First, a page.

every sunday as the sun comes up into the sky the sellers make their way to the intersection of roads that forms the haat, the bazaar. huge blue plastic bags and large gunny sacks are brought in on strong and able shoulders, seasoned with the passage of time and roughened by the weight of life. there are over-stuffed auto rickshaws and arguing van drivers to be dealt with. the bamboo poles stretch out and plunge into the soft earth. yellow tarpaulin ruffles up into the roof and taunts the wind. the gentle wind that cool, the strong wind that reaches everywhere. the rain might drizzle down, but worries are shelved. the wares slowly unwrapped, laid out in neat piles in descending order of size, height, colour, type or price. order. the haat begins to form, begins to take shape, begins to get a life. it will linger for a day. it will entice with its wares. stretching its long fingers into the tiny, holed pockets of the village folk and tempting even the strongest into surrender. it will make its way into the hearts of every village house. this haat has everything that anyone can ever desire and it knows that. so it tempts, cajoles and persuades.
and thus the city makes its way into the village. and thus the city infringes the village. and thus we all become material brethren.
the village haat at bordi takes place around vijay stambh or victory pillar and all the way to the town. one lane has all the fish (stinky stuff), to one side lie stall selling vegetables and the other side is a mad array of items. at regular intervals you have the food stalls serving chai and garma garam pakodas. you name it and you would get it there — from food items, groceries, clothes, bags, suitcases, plastic knick-knacks and even cloth bags. i asked the stall owner who was selling the cloth bags why he was selling them and who boughtt it… his answer thrilled me!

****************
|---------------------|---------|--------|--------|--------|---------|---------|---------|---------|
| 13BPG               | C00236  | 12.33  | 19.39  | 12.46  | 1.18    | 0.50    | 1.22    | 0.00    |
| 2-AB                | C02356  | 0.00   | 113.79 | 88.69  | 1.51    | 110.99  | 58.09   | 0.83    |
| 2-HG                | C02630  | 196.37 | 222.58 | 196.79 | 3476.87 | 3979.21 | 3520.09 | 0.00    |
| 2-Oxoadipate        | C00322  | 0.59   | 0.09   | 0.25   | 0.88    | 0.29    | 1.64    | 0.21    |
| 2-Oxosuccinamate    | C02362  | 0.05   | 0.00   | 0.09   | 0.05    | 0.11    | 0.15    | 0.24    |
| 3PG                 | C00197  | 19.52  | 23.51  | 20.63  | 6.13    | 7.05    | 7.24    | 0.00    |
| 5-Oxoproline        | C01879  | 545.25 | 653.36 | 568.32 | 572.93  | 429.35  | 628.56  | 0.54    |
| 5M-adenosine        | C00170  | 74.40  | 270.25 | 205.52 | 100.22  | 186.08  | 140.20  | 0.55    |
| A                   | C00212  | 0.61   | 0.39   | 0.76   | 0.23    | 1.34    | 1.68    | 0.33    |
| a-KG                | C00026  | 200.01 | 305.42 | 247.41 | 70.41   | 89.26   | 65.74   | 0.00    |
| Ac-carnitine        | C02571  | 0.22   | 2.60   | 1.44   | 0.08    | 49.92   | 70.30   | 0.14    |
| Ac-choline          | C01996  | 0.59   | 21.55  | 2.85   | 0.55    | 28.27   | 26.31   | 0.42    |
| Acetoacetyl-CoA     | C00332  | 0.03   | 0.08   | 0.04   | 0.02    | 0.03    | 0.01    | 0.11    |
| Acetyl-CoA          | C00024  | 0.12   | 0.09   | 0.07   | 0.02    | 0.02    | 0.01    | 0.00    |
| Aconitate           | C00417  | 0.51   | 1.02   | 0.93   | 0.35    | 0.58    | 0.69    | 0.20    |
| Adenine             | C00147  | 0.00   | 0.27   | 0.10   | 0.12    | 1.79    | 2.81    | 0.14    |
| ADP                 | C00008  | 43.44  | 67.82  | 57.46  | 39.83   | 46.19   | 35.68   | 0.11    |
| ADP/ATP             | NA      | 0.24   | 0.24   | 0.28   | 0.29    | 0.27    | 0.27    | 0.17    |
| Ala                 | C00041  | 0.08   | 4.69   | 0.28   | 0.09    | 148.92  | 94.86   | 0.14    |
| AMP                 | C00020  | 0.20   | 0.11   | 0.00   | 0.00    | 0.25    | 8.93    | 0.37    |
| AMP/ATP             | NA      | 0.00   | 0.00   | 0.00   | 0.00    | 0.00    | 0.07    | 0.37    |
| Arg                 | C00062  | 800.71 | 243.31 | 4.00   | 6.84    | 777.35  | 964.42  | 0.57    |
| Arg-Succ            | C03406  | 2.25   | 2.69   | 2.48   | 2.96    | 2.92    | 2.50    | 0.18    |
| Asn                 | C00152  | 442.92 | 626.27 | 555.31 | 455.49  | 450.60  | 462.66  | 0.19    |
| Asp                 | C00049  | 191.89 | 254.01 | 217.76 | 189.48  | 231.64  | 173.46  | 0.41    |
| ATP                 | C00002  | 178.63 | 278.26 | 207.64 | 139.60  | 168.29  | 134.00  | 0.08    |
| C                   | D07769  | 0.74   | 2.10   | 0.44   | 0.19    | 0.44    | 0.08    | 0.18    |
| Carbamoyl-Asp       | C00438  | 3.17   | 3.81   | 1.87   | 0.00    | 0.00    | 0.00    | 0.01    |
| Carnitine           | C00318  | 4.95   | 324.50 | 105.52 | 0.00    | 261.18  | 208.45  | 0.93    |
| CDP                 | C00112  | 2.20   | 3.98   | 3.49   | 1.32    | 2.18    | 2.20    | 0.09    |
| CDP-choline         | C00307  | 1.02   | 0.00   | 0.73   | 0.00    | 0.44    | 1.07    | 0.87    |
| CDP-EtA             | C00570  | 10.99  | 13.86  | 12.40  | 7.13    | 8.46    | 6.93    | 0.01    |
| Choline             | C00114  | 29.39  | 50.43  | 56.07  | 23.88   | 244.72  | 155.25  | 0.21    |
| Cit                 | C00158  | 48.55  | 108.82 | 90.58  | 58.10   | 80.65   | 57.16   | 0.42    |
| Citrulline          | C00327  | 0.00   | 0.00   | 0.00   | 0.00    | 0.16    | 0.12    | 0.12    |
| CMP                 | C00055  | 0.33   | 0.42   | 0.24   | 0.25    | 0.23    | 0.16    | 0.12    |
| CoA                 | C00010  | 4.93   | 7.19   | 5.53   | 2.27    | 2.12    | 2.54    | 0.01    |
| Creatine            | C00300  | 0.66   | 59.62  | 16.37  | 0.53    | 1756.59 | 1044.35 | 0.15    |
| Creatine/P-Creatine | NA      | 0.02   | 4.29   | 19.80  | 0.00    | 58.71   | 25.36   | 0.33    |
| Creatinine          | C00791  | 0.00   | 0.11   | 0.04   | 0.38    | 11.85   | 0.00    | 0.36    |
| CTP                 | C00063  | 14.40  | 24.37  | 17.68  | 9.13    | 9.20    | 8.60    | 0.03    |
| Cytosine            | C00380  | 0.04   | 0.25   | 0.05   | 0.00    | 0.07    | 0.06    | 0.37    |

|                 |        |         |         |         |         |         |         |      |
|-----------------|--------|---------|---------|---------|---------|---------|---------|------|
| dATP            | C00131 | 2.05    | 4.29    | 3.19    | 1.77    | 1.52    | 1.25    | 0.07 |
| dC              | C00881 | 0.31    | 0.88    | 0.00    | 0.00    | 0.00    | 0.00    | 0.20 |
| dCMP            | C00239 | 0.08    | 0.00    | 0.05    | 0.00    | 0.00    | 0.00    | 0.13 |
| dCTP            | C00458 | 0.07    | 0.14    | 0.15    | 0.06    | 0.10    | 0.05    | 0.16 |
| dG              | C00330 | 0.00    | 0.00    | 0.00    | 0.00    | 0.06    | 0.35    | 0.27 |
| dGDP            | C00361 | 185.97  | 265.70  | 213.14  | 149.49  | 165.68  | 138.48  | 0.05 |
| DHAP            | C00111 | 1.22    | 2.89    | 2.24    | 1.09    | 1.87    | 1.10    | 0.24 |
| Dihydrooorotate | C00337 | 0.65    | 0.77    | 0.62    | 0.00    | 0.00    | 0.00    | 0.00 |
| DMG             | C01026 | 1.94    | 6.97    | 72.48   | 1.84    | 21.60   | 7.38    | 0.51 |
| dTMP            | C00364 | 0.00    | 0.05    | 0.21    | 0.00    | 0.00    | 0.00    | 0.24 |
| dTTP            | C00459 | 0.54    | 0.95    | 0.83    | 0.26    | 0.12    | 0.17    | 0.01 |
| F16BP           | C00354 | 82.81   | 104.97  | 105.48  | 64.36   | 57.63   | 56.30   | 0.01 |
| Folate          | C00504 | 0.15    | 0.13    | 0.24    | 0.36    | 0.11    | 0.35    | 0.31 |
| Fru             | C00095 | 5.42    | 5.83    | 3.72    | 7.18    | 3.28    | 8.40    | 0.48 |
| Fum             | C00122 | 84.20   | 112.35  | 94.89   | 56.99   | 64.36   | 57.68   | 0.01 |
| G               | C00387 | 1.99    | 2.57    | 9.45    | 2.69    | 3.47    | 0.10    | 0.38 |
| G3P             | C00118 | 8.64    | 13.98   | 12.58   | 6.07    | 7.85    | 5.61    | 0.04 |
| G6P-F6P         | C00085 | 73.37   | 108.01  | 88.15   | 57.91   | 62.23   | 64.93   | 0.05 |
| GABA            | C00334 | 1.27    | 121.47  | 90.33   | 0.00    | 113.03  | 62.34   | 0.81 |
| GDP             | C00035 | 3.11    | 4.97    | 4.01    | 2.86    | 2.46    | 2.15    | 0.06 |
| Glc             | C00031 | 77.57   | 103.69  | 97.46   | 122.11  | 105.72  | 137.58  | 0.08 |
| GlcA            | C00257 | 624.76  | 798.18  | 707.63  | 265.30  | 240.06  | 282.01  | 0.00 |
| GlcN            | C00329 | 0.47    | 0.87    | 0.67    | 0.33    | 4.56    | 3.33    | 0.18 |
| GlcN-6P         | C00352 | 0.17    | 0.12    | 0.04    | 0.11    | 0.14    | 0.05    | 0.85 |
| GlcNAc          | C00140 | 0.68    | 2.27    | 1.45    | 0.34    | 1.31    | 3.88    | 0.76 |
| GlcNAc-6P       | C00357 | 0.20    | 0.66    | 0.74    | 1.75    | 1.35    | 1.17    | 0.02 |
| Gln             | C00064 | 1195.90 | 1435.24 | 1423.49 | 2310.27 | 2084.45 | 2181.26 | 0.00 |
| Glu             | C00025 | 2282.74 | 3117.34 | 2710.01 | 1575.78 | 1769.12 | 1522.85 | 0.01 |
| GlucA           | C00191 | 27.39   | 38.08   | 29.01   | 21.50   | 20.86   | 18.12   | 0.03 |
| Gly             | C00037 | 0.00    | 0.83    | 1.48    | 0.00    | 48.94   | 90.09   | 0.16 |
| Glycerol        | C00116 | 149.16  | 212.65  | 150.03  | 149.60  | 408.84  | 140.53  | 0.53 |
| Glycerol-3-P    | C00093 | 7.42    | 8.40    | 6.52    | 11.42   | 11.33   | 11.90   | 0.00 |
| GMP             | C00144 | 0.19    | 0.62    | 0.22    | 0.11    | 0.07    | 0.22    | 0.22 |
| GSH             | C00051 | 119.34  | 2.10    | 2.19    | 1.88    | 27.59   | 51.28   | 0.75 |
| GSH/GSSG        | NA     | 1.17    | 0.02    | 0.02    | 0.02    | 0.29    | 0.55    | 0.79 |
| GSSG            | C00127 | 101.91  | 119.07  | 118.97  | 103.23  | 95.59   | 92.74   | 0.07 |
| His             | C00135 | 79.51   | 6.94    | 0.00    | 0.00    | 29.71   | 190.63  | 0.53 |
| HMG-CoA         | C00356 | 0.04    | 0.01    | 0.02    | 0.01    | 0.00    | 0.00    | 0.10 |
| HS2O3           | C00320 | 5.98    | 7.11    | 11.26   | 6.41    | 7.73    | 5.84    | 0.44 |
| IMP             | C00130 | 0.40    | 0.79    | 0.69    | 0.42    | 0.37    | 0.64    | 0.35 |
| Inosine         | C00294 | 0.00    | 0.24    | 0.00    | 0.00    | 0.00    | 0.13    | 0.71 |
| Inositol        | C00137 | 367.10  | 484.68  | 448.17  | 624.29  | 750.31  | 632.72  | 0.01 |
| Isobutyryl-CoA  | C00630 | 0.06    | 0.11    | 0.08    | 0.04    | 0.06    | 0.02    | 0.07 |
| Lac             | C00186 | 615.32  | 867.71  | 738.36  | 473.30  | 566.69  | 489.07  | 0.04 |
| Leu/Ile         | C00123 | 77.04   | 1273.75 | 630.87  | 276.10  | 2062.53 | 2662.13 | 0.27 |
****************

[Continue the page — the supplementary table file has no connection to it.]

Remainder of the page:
“we do not like using plastic bags, don’t think people should so we started making cloth bags and selling it to people for Rs. 20. many buy it and they realise then that it lasts and they don’t need another bag. we also sell sturdy plastic bags if anyone wants.” why isn’t mumbai so wise i wonder?
in the clothing stalls there were plastic half-mannequins. where from, i asked.
“all the way from mumbai…” he guards them close to his heart, “it’s not easy to replace…but they break… often…”
“and you, where are you from?”
he travels from village to village and sets up stalls for the day. every village in this area has a village haat on a different day so he is always on the move… a nomadic existence? i wondered about his family; if he had any. didn’t think it right to ask, so turned away and moved to the next shop.